As said before, when it comes to prestige the publisher does not have much weight, the journal does.
But I have to disagree slightly with other answers when it comes to exposure: some publishers have their journals available by many more universities in the world than others, thus bringing some more exposure to the work they publish (exposure is not only availability, but availability is the first logical component of exposure). Now that large commercial publishers bundle a lot, sometimes selling all their journals to a whole country, all their journals (however obscure they sometimes are) are widely accessible. However, this does not make a big difference between Springer and Elsevier, who are both big commercial publisher with mostly convergent commercial strategies. Note that open-access journals are of course even better for availability; but the fact that SpringerLink and ScienceDirect (the platforms used to access Springer and Elsevier journals) gather so many titles under one roof makes it more likely that someone will easily find a given article (an open-access buried into the depth of the internet might be available but difficult to find).
Another difference between publishers you didn't asked for but that matters is the quality of publishing work (copy-editing, assistance to editorial boards, etc.) For an author, the work done on the articles themselves is important. If you think it doesn't matter much, then think about the difference between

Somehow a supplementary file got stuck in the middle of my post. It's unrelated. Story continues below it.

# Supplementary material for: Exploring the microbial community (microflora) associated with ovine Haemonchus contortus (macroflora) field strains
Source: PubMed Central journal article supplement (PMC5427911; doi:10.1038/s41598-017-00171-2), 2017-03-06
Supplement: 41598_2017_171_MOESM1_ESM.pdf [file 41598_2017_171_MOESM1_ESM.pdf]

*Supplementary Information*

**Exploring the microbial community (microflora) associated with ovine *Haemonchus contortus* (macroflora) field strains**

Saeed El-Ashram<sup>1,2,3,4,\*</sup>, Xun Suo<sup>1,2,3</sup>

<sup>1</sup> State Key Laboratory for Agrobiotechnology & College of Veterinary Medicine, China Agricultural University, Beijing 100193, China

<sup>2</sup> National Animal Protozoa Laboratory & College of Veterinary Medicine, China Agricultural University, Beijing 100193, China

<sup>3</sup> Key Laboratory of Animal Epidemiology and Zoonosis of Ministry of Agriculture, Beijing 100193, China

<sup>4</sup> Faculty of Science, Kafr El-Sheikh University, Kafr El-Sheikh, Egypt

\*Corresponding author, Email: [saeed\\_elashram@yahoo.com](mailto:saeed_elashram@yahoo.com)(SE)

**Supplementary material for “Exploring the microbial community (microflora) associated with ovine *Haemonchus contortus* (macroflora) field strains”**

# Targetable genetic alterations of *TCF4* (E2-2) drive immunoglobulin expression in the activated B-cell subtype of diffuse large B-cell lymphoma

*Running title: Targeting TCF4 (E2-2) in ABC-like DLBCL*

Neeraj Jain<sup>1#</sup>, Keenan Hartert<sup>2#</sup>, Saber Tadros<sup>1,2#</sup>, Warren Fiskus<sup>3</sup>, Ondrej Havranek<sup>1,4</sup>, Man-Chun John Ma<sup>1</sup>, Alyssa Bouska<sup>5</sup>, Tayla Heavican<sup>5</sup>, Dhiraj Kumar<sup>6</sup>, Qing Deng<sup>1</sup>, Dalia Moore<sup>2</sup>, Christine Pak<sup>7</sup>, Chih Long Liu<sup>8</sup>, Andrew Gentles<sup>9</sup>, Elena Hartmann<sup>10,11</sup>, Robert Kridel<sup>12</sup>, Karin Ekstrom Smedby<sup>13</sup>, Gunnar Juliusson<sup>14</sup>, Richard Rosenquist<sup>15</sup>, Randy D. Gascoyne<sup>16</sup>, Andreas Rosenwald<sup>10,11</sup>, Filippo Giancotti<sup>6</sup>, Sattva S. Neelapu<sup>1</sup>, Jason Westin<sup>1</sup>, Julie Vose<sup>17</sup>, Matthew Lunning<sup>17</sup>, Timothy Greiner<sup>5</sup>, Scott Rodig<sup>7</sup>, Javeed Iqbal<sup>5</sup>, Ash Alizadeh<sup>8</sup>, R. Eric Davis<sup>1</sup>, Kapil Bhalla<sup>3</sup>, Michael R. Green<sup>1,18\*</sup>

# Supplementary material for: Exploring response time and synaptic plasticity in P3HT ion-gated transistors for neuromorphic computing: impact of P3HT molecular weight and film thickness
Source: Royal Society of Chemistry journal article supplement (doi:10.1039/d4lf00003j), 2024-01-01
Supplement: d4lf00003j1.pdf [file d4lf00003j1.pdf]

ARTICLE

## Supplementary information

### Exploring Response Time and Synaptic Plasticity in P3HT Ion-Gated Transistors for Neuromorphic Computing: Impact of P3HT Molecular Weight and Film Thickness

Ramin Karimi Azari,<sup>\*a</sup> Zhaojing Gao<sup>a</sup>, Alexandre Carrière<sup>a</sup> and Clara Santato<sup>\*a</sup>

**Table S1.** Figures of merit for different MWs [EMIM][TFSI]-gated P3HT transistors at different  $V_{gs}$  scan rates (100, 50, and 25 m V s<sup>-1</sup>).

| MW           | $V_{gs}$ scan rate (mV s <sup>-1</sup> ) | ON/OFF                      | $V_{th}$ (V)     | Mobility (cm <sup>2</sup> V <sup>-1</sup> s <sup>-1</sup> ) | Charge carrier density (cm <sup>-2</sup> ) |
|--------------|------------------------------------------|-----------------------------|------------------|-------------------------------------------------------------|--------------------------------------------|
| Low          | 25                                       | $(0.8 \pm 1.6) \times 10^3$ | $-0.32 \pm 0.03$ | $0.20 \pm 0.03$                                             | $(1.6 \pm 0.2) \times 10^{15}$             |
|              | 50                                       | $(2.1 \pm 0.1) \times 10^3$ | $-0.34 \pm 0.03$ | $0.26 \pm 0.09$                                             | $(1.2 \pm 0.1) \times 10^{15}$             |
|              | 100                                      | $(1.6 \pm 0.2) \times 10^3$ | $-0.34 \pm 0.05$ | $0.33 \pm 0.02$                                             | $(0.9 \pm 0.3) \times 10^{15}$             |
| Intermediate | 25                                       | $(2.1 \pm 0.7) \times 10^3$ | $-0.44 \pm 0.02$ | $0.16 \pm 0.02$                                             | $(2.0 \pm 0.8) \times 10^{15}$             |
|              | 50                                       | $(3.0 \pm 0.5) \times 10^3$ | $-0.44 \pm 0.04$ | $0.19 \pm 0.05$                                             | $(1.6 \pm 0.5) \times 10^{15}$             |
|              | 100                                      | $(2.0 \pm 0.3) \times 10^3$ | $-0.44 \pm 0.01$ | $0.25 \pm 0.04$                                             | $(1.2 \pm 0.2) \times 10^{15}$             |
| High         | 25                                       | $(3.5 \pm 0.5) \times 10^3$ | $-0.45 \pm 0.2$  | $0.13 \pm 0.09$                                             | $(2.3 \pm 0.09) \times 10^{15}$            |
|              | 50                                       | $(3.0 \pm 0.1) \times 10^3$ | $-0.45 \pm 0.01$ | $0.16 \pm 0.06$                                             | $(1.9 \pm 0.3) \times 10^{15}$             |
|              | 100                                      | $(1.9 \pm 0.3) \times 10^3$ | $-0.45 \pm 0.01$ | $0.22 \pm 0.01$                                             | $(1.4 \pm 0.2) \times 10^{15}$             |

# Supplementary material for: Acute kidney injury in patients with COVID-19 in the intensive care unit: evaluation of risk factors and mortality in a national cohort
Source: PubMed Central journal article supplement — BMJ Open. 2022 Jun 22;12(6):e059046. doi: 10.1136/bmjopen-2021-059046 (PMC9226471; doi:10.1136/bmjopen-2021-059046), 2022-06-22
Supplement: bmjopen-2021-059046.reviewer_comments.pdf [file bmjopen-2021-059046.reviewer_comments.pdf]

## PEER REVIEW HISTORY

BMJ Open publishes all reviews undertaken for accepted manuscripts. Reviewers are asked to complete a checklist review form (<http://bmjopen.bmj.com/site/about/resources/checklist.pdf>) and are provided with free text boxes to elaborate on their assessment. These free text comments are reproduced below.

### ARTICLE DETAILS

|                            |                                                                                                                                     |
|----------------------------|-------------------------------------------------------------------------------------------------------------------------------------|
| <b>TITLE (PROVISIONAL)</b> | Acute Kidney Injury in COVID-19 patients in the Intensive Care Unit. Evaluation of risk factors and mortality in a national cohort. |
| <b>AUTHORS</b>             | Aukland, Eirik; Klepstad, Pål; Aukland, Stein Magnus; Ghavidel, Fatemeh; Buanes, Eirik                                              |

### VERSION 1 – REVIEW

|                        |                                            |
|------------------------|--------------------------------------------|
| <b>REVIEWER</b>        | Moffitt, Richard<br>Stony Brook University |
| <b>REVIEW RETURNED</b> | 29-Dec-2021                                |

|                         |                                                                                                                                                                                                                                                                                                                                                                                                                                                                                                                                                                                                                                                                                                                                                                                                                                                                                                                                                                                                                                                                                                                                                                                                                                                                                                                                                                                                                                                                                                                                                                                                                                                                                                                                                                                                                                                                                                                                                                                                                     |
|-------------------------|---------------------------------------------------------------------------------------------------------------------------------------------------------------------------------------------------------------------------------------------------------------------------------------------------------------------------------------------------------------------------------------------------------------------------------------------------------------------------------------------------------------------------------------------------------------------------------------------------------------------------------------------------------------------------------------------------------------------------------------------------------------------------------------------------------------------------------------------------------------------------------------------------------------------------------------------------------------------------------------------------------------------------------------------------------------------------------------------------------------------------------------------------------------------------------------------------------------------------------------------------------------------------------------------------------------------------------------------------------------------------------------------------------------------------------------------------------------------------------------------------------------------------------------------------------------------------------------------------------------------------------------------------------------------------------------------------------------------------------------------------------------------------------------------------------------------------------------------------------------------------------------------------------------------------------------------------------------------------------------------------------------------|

A. a publisher that sends you galley proofs to be checked in one week, without any indication of what has been changed from your own manuscript (but many tiny and not-so-tiny changes having been made), and
B. a publisher that sends you an annotated version of your manuscript, showing all modifications made to it, together with the galley proof that resulted from this process, so that you can check each modification easily.
The difference is in hours of work, unless you blindly trust copy-editors. And this would not be wise. Unfortunately for you, from my experience and all the testimony I gathered about various publishers, Elsevier and Springer are pretty similar when it comes to service to the authors: they do a pretty bad job.
So in conclusion, I would say that publishers do matter to authors even when they do not want to take any political stance like the Cost of knowledge pledge. But it is hard to find a strong difference between Springer and Elsevier (if you want names of publishers that do a great job, I know a few but for mathematics).